Interview: Donald Stastny (Fall 2010) with Barry and Melody Finnemore

with Barry and Melody Finnemore

 

COMPETITIONS: How did you get started in competition management?

 

Don Stastny: It started as part of the development of the city of Portland’s Downtown Plan. The block that eventually became Pioneer Courthouse Square was proposed as a 10-story parking garage. That proposal coalesced the community – the design community and the lay community – into thinking about what they wanted downtown Portland to be. There was quite a conversation between politicians, business leaders and designers about what the square should be, and there was so much controversy involved that no one with the city wanted to deal with the politics of it.

 

pioneer square
Pioneer Courthouse Square, Portland Oregon – Competition (1980)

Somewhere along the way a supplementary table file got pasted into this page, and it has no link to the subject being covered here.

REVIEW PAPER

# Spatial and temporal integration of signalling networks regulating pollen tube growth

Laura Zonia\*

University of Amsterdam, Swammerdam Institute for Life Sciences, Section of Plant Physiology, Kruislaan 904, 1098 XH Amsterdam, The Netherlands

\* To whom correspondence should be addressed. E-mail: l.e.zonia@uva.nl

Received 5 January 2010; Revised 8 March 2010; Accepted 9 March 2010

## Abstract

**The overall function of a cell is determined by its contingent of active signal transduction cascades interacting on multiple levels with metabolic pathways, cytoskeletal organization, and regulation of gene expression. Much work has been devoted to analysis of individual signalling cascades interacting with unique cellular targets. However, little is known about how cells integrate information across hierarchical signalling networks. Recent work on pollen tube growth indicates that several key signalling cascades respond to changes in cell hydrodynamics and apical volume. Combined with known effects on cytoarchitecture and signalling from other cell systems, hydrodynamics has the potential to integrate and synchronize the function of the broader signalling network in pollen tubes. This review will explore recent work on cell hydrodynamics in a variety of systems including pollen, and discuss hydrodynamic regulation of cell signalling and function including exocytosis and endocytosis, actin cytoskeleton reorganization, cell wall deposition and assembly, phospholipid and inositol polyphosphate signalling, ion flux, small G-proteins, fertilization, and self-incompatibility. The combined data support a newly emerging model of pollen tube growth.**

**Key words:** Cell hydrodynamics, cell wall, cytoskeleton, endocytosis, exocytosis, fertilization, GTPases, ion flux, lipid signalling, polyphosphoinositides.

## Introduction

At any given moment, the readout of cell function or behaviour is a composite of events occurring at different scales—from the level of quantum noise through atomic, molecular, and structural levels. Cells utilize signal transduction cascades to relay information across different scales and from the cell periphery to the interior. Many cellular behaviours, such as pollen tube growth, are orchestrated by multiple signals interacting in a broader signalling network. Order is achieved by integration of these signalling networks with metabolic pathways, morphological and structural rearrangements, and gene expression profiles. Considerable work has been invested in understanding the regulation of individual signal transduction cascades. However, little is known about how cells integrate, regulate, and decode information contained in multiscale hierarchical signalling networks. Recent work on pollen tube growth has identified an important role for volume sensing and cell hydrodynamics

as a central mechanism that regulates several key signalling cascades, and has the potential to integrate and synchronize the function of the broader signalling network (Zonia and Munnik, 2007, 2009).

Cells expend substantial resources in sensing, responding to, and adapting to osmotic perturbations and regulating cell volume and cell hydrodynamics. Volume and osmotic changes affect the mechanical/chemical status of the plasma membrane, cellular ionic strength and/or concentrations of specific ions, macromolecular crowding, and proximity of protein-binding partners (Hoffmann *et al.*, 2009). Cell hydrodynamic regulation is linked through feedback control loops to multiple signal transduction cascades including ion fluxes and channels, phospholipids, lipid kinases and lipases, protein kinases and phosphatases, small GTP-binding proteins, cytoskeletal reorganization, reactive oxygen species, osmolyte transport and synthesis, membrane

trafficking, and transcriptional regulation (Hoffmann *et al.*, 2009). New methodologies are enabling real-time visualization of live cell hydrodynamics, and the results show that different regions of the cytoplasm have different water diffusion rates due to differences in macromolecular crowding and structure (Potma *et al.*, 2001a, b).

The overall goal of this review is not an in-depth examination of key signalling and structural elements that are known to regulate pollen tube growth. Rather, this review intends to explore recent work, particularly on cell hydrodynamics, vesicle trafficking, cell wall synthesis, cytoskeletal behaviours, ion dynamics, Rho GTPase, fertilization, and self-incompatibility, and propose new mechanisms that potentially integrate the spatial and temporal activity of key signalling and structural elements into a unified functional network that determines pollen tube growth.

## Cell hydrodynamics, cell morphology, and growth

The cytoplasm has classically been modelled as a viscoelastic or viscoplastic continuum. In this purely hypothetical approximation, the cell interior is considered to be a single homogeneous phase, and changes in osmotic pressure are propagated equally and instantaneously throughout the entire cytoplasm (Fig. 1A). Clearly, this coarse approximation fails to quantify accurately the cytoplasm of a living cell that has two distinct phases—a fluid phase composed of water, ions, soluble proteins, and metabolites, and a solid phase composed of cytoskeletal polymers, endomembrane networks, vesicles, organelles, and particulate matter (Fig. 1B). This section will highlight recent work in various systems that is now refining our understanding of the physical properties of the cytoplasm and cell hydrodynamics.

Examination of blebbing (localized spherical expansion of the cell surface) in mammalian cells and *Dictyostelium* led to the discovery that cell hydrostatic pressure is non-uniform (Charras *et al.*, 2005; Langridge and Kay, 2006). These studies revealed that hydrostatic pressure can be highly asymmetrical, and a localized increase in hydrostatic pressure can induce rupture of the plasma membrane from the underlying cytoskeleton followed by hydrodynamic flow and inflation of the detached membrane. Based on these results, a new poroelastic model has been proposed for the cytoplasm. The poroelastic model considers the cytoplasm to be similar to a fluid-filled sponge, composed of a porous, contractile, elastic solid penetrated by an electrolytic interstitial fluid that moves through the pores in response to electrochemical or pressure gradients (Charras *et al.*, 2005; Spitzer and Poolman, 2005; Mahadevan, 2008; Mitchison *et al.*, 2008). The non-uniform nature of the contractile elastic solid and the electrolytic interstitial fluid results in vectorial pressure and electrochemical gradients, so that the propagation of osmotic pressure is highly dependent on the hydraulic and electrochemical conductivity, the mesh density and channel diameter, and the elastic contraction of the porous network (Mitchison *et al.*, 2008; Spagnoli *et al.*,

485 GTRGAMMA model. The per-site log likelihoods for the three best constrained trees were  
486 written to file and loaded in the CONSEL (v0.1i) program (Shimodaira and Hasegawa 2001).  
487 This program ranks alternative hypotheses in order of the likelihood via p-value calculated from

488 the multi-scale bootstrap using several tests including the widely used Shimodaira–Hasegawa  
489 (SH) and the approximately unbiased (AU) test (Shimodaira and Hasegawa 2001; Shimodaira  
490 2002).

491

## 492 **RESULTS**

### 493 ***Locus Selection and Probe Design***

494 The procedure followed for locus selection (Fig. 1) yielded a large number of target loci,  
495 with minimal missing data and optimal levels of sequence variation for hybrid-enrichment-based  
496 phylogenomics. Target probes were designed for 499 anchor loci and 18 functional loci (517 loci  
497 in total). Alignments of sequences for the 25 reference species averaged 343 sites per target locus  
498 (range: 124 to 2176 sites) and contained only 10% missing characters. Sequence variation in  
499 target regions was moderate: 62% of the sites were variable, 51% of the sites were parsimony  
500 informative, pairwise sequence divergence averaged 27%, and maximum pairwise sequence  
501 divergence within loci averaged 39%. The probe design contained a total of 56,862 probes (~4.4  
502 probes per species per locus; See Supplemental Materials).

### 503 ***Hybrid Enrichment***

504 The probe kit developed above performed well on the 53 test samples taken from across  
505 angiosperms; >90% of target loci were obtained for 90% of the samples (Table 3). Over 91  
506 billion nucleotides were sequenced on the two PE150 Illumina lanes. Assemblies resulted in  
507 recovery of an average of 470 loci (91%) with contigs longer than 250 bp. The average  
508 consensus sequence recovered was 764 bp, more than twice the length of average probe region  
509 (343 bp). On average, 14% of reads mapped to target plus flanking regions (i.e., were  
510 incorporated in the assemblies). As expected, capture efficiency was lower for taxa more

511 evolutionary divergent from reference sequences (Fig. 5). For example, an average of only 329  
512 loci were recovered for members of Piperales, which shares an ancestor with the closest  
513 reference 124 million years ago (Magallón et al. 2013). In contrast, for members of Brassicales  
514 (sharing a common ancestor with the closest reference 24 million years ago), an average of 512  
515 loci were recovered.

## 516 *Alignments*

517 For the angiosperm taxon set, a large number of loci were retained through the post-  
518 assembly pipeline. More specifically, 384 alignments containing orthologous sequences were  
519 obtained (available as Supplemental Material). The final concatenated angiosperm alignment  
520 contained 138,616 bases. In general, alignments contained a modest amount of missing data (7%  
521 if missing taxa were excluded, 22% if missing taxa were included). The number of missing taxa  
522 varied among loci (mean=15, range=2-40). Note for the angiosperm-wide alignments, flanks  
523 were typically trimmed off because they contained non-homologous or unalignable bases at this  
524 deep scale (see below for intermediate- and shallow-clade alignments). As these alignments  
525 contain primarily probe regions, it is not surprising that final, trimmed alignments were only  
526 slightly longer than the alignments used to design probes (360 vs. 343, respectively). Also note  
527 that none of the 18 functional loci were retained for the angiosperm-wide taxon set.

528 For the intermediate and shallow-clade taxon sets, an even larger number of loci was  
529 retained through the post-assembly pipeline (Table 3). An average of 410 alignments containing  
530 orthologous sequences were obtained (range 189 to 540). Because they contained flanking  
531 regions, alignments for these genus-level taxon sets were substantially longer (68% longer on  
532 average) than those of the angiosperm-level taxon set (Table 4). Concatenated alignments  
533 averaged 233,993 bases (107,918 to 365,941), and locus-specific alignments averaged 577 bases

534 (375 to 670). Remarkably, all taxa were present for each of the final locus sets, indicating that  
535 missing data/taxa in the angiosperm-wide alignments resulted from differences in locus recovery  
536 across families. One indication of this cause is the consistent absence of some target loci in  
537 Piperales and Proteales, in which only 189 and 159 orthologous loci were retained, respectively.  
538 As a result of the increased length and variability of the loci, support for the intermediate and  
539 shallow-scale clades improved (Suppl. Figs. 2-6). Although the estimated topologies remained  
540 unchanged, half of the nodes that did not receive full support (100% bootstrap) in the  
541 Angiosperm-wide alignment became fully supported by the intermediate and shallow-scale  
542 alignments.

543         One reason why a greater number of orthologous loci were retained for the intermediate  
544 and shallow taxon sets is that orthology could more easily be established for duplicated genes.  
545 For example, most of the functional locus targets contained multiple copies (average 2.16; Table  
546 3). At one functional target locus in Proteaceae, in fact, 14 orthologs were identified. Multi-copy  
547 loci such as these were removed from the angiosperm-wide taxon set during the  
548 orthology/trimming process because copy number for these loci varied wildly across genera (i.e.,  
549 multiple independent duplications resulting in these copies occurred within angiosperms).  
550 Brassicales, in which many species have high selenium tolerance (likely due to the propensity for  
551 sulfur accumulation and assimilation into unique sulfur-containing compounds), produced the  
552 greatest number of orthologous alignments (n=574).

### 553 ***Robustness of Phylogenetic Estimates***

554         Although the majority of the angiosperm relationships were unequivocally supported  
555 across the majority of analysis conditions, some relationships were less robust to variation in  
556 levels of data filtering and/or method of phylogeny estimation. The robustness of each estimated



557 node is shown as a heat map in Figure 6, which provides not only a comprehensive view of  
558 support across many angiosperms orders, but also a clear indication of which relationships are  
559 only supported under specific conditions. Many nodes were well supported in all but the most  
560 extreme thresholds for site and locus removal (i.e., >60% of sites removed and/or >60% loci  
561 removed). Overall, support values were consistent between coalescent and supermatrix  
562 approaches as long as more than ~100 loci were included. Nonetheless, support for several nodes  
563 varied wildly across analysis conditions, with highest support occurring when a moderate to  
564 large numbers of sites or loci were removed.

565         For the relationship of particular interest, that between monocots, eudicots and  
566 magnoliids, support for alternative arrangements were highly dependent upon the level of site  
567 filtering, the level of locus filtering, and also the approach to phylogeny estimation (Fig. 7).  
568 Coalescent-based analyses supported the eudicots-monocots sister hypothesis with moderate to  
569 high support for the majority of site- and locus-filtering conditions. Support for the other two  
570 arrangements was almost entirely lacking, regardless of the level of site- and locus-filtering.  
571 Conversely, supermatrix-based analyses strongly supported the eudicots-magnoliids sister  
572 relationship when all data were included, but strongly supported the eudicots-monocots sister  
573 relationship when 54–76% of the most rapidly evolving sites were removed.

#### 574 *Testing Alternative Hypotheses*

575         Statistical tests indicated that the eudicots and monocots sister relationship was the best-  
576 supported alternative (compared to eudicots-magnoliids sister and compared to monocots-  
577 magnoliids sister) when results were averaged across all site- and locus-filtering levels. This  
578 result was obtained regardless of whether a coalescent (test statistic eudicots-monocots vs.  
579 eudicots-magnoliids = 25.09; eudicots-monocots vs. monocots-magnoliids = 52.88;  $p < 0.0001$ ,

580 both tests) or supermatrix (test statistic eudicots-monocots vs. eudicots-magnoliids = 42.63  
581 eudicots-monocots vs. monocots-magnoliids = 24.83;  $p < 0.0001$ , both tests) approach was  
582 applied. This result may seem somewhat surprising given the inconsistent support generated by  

Designer – Willard Martin
 

When we were selected to manage the process, we focused on three things: defining a program for the square, developing a budget and determining how to select a design with so many ideas floating around. We formed a technical advisory committee, a design advisory committee and a citizens advisory committee, and held 162 public and private meetings over three years.


The program was for an open square with coverage limited to a third of the site, and a public square in the European style. The budget came in at just over four million dollars. And we decided that we would hold a design competition with some “insurance policies” built in.


It was important to note that this wasn’t just about design, but also about commerce and politics in the city and what the square should be for the community. We had very few U.S. examples of public squares at that time, so much of the competition was about defining what a civic square in an American city should be.

 

COMPETITIONS: Which competition(s) gave you the most satisfaction?

 

DS: Those that have been the most rewarding are in a way the most conflicting: the Oklahoma City and Flight 93 memorials. With both we were dealing with a rush toward “memorialization.” 

 

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